Most of my friends and relations seem to feel that I have a penchant for making some very obscure selections when it comes to reading materials. I can’t quite understand this; why, during this long holiday weekend I passed the time pouring over the details of this very interesting two-volume work entitled “Runaways, Deserters, & Notorious Villains” written by noted Providence historian and photo archivist Maureen Taylor. These books are a compilation of all the advertisements placed in 18th century RI newspapers regarding runaway slaves, wives, and apprentices, as well as deserters from the Revolutionary War and a few escaped prisoners thrown in for good measure. From these advertisements, it is possible to glean all sorts of interesting tidbits of information regarding life in 18th century North Kingstown. With all this going for them, for the life of me I can’t understand why they aren’t on any bestsellers list.
So what did we learn from these advertisements? As far as runaway slaves go, as expected in a community with more than its fair share of slaves, there were quite a number—19 to be exact. There would be quite a few more were it not for the division of the town into North and South Kingstown during this period, as there were even more slaves in our sister community to the south. Lodowick Updike at Smith’s Castle lost his slave Dimas, in April of 1763; he described him as a “subtle fellow with a forged pass” and is willing to pay $6 to get him back. At the other end of town, Phebe Browning lost four of her slaves, Rose and infant, Nancy & Jenny, in 1799 and will only pay ten cents reward for reach. She describes them in some detail and proclaims that Jenny is a “wench.” Also in the southern end of town, Willett Carpenter lost two slaves in 1799, one named Cezar and the other with the very odd moniker of Handsaw. He offers up a $5 reward for each. Down in Wickford, Immanuel Case advertised the loss of his slave Cuffe who he describes as a “short thickset fellow with a long-built head.” The most valuable slave advertised was Warren who belonged to John Barber and was trained as a merchant seaman. In 1780 a reward of $120 was offered the capture of this “fellow who is exceedingly black with a greasey look.” Most likely Barber “rented” Warren out to ship owners and this loss of income caused him to offer up a large reward. Slaves were not the only runaways listed here; also we can find a few runaway apprentices like William Wightman who ran off from his employ with Benjamin Reynolds in 1796 and intriguingly enough Sarah Short “who deserted the bed” of her husband Charles in 1797. Charles tells the world that he will pay none of her debts from this point on.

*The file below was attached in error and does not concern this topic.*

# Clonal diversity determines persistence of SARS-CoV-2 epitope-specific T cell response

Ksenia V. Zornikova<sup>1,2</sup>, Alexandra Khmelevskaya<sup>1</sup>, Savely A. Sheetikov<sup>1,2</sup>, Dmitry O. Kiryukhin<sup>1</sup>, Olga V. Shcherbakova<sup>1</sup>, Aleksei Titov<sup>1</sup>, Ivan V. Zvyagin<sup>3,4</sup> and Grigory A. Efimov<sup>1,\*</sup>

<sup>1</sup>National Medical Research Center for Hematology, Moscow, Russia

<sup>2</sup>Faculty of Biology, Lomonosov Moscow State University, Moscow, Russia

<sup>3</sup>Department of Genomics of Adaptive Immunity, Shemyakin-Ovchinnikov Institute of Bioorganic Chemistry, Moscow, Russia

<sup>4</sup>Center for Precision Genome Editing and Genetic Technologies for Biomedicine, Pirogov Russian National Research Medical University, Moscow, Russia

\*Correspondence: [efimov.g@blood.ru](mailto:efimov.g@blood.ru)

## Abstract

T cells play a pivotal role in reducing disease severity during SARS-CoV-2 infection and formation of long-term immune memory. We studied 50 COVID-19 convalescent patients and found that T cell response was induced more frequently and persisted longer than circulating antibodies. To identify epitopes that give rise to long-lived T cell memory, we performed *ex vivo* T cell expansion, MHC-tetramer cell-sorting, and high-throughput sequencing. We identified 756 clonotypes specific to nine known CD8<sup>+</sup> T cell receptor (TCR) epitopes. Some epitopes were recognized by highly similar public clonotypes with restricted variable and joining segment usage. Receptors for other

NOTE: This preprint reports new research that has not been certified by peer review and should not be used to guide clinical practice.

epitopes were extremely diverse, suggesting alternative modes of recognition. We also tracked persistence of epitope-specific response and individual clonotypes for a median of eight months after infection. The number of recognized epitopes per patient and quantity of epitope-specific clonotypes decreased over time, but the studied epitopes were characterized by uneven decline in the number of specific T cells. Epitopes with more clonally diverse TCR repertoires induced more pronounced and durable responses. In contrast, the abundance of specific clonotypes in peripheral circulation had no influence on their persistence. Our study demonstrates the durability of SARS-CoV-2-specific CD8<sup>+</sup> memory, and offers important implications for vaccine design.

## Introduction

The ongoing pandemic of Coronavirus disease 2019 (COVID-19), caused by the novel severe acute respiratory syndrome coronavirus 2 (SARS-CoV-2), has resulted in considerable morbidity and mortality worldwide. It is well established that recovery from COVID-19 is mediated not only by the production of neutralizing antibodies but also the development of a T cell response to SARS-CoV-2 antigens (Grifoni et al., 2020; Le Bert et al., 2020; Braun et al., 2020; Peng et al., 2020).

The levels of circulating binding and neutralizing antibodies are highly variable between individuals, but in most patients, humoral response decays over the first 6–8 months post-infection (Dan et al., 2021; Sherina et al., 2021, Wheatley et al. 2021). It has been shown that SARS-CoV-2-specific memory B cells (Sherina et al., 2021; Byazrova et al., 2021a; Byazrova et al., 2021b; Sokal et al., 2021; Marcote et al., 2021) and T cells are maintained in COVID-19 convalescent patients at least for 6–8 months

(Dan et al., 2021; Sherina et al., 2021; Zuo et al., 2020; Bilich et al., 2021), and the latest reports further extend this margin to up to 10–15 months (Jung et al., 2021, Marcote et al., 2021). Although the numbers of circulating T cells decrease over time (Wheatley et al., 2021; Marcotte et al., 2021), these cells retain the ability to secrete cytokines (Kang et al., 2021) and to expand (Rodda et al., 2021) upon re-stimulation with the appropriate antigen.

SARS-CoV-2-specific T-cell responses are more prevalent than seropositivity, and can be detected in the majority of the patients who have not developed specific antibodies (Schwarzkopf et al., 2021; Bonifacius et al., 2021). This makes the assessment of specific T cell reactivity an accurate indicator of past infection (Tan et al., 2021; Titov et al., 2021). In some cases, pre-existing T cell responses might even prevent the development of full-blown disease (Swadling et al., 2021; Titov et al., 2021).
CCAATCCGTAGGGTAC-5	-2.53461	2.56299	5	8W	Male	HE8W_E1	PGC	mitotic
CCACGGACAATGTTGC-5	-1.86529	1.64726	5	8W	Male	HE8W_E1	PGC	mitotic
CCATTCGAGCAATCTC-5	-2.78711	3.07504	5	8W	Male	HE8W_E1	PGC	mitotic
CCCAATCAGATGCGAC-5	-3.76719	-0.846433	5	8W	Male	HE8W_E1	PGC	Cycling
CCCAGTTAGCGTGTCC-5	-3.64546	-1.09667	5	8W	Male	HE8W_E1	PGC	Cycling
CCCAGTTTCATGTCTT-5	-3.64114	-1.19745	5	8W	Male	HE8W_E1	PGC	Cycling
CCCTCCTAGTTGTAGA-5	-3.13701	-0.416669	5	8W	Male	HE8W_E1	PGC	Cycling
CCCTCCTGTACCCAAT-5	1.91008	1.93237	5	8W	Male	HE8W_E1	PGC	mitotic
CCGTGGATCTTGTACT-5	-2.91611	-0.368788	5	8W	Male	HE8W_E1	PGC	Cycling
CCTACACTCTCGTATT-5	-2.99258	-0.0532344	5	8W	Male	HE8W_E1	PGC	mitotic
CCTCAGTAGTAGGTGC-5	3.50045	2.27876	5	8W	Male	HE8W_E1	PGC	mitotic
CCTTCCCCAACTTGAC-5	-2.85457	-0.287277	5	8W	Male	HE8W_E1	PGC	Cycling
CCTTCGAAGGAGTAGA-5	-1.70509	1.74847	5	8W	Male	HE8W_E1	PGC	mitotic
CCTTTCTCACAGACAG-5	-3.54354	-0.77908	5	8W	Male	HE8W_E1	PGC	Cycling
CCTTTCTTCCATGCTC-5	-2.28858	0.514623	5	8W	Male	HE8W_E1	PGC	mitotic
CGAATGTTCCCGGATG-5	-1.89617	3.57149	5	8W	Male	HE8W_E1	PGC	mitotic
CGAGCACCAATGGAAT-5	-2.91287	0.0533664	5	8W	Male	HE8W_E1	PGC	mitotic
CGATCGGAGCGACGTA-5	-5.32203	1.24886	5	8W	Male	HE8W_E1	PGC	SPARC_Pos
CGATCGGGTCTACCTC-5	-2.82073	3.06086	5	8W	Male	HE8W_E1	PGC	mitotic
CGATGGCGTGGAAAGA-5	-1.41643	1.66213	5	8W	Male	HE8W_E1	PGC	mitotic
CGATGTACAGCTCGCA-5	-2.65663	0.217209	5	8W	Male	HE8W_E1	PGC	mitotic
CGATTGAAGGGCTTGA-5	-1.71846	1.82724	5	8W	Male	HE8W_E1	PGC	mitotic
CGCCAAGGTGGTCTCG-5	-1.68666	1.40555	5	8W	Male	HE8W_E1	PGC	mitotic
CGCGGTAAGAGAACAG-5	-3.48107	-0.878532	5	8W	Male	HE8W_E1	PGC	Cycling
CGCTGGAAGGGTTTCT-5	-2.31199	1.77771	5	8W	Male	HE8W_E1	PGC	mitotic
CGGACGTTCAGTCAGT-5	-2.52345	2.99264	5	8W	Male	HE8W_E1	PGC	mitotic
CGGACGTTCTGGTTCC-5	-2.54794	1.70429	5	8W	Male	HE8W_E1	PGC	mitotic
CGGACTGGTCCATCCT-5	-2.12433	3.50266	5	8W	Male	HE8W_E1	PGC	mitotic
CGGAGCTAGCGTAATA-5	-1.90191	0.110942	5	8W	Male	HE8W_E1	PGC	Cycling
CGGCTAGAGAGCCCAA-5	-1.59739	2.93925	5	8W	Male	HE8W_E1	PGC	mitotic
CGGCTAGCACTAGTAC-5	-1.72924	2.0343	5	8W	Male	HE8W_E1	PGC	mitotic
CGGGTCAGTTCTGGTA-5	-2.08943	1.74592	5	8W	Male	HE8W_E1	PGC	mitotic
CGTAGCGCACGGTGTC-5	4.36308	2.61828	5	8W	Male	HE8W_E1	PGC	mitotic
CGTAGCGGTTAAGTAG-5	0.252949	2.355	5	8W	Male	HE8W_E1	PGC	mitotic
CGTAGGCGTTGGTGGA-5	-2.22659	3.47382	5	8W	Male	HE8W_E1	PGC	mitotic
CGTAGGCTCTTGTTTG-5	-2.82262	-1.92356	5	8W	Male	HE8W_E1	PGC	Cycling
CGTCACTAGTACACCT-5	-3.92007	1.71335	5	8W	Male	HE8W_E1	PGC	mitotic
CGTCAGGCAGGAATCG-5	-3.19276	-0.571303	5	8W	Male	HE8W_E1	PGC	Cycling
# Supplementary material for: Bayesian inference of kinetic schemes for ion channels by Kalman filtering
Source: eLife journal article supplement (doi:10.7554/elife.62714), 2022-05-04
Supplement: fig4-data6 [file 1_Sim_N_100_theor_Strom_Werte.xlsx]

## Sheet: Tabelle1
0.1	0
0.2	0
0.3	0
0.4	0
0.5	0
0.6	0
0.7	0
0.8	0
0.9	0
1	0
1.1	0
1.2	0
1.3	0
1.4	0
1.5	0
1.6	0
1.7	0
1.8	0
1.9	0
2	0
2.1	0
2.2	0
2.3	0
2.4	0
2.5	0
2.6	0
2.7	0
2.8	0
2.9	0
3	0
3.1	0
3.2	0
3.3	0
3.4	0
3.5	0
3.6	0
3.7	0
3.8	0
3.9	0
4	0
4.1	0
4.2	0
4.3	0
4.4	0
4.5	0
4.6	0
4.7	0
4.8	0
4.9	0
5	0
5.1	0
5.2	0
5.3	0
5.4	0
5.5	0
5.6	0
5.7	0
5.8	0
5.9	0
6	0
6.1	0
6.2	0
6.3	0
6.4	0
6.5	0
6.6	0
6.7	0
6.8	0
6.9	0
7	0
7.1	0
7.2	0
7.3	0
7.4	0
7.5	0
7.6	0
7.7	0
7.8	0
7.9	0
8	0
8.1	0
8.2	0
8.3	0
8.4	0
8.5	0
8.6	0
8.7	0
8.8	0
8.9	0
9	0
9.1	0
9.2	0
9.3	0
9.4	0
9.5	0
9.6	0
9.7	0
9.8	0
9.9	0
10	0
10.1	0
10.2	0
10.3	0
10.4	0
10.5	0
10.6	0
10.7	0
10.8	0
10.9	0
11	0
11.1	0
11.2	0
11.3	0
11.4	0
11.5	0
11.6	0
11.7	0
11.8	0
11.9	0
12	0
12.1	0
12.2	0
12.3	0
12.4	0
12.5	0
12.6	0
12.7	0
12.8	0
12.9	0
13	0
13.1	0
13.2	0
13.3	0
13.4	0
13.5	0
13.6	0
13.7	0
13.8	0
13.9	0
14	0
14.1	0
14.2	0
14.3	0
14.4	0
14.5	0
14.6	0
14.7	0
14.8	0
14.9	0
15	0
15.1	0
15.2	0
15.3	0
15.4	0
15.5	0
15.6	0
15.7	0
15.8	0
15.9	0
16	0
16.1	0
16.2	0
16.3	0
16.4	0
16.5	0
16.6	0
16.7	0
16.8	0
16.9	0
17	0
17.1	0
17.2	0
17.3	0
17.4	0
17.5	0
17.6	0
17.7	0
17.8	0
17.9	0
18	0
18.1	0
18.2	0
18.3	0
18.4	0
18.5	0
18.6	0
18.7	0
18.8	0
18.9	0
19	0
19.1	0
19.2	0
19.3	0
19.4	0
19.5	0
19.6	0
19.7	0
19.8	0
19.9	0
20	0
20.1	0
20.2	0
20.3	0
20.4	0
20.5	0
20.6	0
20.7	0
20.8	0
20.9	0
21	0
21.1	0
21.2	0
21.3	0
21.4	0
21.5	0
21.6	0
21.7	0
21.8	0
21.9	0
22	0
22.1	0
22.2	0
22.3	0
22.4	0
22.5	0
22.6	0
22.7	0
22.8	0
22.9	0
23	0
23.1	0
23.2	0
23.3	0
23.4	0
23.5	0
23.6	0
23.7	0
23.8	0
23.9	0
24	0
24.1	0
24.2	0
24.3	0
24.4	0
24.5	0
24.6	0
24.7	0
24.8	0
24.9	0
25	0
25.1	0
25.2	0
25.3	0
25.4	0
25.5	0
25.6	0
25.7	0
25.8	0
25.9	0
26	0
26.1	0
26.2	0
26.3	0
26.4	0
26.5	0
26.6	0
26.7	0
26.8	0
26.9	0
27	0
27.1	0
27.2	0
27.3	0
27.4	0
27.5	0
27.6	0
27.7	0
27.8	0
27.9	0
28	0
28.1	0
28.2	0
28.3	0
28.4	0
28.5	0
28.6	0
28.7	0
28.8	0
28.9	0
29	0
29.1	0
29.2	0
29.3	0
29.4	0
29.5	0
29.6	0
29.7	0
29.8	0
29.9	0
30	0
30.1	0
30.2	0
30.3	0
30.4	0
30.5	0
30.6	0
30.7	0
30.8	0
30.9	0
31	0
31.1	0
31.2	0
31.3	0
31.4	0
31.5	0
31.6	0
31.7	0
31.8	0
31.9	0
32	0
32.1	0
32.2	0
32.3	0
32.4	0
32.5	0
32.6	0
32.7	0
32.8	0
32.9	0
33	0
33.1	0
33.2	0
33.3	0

As for deserters from the armies and navy of the colonial government during the war for independence, North Kingstown with 13, had her share as well. Easily the most intriguing was William Corey who deserted not once, but twice; first in 1779 and then again in 1782. This was more common than you might imagine; you see in a time when recordkeeping was limited at best, numerous less than honest young men collected more than one “signing on” bonus in this manner. Also interesting is the fact that 31 percent of all the North Kingstown deserters were from the Shearman family. I can’t say as I know what to make of that fact.
Finally, we only had one escaped prisoner to be on the lookout for according to the advertisements, that being Christopher Fowler, who broke out of the county jail in January of 1778. Based on the date, it’s probably safe to assume that Fowler’s crime was being a Tory, a loyalist to the King of England. His ultimate fate is unknown to me at this time. If anyone has any interest in further information on these runaway slaves and deserters, check out Maureen’s great book.